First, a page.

Seniors who spend time doing good for others may also find some surprising benefits for themselves. According to a meta-analysis from the Rotman Research Institute at Baycrest Health Sciences, older adults who contribute to volunteer causes could have better overall health and be less likely to suffer from many impairments than their peers.
Room for further research
The analysis' authors pointed out that, despite the 73 studies on volunteering that they looked at, the link to many conditions had been neglected by past researchers. For instance, they found no studies that examined the association between volunteering and dementia, diabetes or stroke. Researchers on the new study also said that there were few trials that examined the effects of volunteering on cognitive function.
For issues that had been studied, however, volunteering often appeared to have positive effects. Seniors who volunteered more were less likely to suffer from depression or physical limitations, and tended to live longer while enjoying better health. They also had fewer hip fractures and a lower incidence of high blood pressure.
"Taken together, these results suggest that volunteering is associated with health improvements and increased physical activity – changes that one would expect to offer protection against a variety of health conditions," lead researcher Nicole Anderson said.
Differences in impact
Seniors who already had chronic health conditions may get the greatest health benefit from volunteering. However, it wasn't shown that greater levels of volunteer activity uniformly led to better health. Beyond 100 hours of volunteer work per year, or about three hours per week, seniors saw no additional benefit for their efforts. The improvements that volunteers gained to their subjective well-being also varied based on the recognition that they received from others. Seniors who felt that their time was more appreciated saw the greatest psychological benefits.
Known to help
The study may have been among the first to definitively show how widespread the impacts of volunteering can be, but the idea that charitable work has health benefits is not new. Helpguide.org provided a summary of some of the health benefits of volunteering, even spelling out why the activity might be helpful. Since volunteering involves so many factors that have been shown to reduce depression, fighting this disease could be one of its biggest benefits. For instance, volunteering is a good way to make social connections, which has been shown to bolster mood, according to the source.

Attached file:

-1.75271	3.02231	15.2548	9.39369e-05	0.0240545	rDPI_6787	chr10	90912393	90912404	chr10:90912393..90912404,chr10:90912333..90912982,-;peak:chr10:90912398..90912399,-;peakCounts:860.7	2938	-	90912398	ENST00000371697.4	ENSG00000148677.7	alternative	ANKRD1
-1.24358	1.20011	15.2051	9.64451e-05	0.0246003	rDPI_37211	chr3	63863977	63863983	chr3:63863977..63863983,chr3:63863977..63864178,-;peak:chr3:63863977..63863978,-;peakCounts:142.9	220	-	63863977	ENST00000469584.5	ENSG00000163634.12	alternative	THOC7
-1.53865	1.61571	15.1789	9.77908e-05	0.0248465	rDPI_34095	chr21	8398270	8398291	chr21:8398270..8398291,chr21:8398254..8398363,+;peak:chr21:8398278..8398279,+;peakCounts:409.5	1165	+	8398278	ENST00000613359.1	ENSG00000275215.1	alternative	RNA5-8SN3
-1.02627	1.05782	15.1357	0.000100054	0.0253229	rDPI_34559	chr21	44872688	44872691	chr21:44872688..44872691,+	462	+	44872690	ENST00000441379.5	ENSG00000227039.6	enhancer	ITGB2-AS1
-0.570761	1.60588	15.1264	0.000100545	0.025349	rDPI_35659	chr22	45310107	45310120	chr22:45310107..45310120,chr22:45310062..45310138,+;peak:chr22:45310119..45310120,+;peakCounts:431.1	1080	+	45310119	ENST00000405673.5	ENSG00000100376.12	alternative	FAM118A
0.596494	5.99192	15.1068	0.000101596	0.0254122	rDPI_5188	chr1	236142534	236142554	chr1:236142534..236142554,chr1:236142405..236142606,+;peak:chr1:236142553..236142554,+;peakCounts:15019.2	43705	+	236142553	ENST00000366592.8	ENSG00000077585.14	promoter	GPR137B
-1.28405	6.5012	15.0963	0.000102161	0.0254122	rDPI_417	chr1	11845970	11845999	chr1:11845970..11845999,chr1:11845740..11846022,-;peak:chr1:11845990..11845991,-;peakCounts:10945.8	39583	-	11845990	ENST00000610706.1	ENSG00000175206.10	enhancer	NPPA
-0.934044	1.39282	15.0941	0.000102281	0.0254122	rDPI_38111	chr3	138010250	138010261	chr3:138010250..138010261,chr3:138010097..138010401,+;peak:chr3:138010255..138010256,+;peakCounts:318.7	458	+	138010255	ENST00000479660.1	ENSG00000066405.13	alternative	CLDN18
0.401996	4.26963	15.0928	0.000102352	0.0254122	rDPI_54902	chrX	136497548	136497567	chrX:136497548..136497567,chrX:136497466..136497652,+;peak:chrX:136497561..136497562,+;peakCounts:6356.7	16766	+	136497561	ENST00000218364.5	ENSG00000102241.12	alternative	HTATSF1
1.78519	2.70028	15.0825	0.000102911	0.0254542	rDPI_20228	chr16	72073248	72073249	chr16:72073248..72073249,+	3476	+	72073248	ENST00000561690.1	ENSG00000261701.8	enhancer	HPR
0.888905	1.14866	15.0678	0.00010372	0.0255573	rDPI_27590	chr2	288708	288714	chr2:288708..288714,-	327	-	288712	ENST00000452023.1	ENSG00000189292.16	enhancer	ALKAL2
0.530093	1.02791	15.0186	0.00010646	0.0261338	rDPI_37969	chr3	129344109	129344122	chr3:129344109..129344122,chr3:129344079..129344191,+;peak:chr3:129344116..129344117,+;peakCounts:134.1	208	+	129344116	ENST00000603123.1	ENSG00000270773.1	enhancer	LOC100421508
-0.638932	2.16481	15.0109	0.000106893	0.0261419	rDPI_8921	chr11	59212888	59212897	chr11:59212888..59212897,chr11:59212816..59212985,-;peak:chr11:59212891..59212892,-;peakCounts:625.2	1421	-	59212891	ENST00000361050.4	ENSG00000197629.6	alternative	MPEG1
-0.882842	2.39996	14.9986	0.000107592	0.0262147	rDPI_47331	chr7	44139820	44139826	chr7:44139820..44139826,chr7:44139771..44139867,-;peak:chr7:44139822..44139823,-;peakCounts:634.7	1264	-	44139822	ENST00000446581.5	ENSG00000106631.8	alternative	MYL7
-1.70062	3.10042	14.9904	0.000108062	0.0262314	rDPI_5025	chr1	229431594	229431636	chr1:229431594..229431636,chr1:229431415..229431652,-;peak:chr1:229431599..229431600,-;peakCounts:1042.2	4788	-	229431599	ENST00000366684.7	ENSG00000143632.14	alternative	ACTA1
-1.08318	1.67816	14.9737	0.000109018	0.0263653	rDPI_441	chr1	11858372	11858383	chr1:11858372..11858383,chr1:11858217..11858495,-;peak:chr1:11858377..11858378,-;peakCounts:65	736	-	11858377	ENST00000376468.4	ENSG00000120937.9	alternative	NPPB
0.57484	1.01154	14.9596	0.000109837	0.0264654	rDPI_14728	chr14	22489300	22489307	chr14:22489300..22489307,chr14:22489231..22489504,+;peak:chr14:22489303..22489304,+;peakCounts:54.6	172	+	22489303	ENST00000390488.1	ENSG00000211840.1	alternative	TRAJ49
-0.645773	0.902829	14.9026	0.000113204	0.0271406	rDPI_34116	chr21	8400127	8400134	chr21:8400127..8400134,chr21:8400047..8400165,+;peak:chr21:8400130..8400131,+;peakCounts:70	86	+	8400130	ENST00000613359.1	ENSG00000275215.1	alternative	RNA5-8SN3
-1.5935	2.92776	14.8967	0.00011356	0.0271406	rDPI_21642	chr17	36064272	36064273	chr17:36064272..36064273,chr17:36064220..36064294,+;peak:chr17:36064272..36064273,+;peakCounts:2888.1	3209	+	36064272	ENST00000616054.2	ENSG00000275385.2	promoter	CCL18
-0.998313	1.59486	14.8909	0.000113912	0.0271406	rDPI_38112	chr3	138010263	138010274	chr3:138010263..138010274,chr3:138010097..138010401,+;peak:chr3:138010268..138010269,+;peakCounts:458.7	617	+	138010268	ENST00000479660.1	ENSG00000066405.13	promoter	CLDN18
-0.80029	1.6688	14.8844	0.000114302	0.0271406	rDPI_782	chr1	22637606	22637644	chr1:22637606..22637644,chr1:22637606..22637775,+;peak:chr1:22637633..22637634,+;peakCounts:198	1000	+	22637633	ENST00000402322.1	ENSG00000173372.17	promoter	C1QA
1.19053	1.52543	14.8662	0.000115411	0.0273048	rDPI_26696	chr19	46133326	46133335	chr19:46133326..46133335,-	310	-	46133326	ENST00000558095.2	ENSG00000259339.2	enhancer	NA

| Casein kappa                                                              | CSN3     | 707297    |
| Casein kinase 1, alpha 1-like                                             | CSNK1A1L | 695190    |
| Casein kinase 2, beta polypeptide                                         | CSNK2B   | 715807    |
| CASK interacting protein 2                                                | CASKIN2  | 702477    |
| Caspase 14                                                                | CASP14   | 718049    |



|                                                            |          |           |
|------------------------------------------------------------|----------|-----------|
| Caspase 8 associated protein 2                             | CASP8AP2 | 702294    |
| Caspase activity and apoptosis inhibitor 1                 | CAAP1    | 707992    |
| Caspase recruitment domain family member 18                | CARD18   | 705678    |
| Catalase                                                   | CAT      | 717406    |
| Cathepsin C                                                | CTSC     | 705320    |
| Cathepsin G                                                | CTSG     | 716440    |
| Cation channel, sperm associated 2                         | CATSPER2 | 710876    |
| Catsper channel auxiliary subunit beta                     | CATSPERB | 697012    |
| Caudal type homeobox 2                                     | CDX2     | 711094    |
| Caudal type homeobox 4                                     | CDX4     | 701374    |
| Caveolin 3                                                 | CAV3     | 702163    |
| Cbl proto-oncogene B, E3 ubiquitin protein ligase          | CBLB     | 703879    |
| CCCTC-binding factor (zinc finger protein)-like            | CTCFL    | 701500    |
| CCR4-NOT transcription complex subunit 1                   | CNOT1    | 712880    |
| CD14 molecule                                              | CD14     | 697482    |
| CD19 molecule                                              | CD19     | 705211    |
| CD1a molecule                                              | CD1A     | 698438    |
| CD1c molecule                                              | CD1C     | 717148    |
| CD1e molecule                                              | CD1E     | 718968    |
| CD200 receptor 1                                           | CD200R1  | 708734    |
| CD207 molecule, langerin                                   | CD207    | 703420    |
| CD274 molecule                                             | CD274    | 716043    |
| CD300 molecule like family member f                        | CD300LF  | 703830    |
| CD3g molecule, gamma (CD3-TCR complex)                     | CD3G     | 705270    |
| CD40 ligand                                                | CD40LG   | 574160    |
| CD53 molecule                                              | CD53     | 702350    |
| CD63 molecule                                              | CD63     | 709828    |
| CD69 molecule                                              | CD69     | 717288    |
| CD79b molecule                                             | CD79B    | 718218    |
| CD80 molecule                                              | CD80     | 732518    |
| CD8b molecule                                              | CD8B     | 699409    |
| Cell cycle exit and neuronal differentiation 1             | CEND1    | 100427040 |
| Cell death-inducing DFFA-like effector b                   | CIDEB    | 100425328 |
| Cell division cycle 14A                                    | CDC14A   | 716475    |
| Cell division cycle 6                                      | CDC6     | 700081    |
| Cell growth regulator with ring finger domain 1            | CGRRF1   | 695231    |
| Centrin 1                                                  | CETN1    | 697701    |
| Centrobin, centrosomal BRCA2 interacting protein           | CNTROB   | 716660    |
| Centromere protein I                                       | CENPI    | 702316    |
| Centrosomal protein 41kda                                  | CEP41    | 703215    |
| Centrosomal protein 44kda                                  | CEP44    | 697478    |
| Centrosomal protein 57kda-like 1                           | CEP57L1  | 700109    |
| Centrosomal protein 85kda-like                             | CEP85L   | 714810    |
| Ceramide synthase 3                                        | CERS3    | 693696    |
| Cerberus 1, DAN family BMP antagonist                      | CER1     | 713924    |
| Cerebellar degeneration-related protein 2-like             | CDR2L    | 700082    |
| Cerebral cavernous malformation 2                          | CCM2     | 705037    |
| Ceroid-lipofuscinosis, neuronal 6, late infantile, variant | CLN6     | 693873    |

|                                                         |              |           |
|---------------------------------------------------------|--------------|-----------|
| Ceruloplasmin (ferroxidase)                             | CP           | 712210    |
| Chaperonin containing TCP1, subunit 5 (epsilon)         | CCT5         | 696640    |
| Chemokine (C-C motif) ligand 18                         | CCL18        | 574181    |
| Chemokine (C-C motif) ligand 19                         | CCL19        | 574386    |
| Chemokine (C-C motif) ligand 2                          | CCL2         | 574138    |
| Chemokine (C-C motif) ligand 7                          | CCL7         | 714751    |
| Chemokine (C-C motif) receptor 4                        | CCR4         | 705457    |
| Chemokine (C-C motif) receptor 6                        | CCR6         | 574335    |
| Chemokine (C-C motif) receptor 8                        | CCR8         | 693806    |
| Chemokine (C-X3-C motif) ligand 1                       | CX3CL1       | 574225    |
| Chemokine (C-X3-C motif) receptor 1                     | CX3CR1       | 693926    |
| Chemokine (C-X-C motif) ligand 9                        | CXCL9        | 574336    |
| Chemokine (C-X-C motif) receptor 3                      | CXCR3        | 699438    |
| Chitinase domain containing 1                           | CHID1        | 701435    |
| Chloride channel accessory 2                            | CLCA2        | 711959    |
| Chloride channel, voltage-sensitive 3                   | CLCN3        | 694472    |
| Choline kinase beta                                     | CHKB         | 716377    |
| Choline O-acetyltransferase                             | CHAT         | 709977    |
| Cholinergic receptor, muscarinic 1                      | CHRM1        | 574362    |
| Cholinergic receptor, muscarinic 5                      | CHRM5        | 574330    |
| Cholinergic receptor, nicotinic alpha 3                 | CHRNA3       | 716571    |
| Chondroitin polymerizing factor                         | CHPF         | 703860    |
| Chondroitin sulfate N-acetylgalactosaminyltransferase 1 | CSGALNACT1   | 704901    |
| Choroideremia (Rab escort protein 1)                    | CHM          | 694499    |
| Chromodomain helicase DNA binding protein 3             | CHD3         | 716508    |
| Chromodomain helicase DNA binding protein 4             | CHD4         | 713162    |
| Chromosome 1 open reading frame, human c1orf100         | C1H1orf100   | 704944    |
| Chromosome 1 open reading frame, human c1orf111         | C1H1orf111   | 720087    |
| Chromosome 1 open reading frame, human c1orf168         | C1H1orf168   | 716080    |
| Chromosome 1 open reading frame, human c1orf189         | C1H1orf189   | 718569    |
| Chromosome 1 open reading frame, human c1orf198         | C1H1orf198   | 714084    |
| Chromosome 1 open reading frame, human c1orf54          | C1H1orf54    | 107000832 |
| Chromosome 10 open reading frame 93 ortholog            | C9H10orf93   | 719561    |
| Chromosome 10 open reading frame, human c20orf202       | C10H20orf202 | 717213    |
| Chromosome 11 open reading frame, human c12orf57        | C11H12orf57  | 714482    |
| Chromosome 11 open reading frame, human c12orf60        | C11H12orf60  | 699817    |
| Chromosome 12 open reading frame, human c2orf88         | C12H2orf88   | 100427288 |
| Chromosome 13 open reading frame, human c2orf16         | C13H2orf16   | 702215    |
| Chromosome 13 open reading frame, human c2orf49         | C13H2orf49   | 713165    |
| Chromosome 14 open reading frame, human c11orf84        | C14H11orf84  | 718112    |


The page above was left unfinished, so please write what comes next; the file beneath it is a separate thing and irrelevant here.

Helpguide.org also said that volunteering can help people remain physically active and boost self-confidence. These benefits could both play a big part in combating depression. According to the National Institutes of Health, one of the primary symptoms of depression is a sense of worthlessness. To reduce these feelings, the NIH suggested taking part in meaningful activities and maintaining positive social relationships, both of which volunteering can provide. The source also recommended remaining physically active to ward off the disease's symptoms. Seniors who suffer from depression may often mistake their symptoms for those of another disease or refuse to see a doctor for the illness. Volunteering could be a way to help ward off depression without the need for a diagnosis or a visit to the doctor.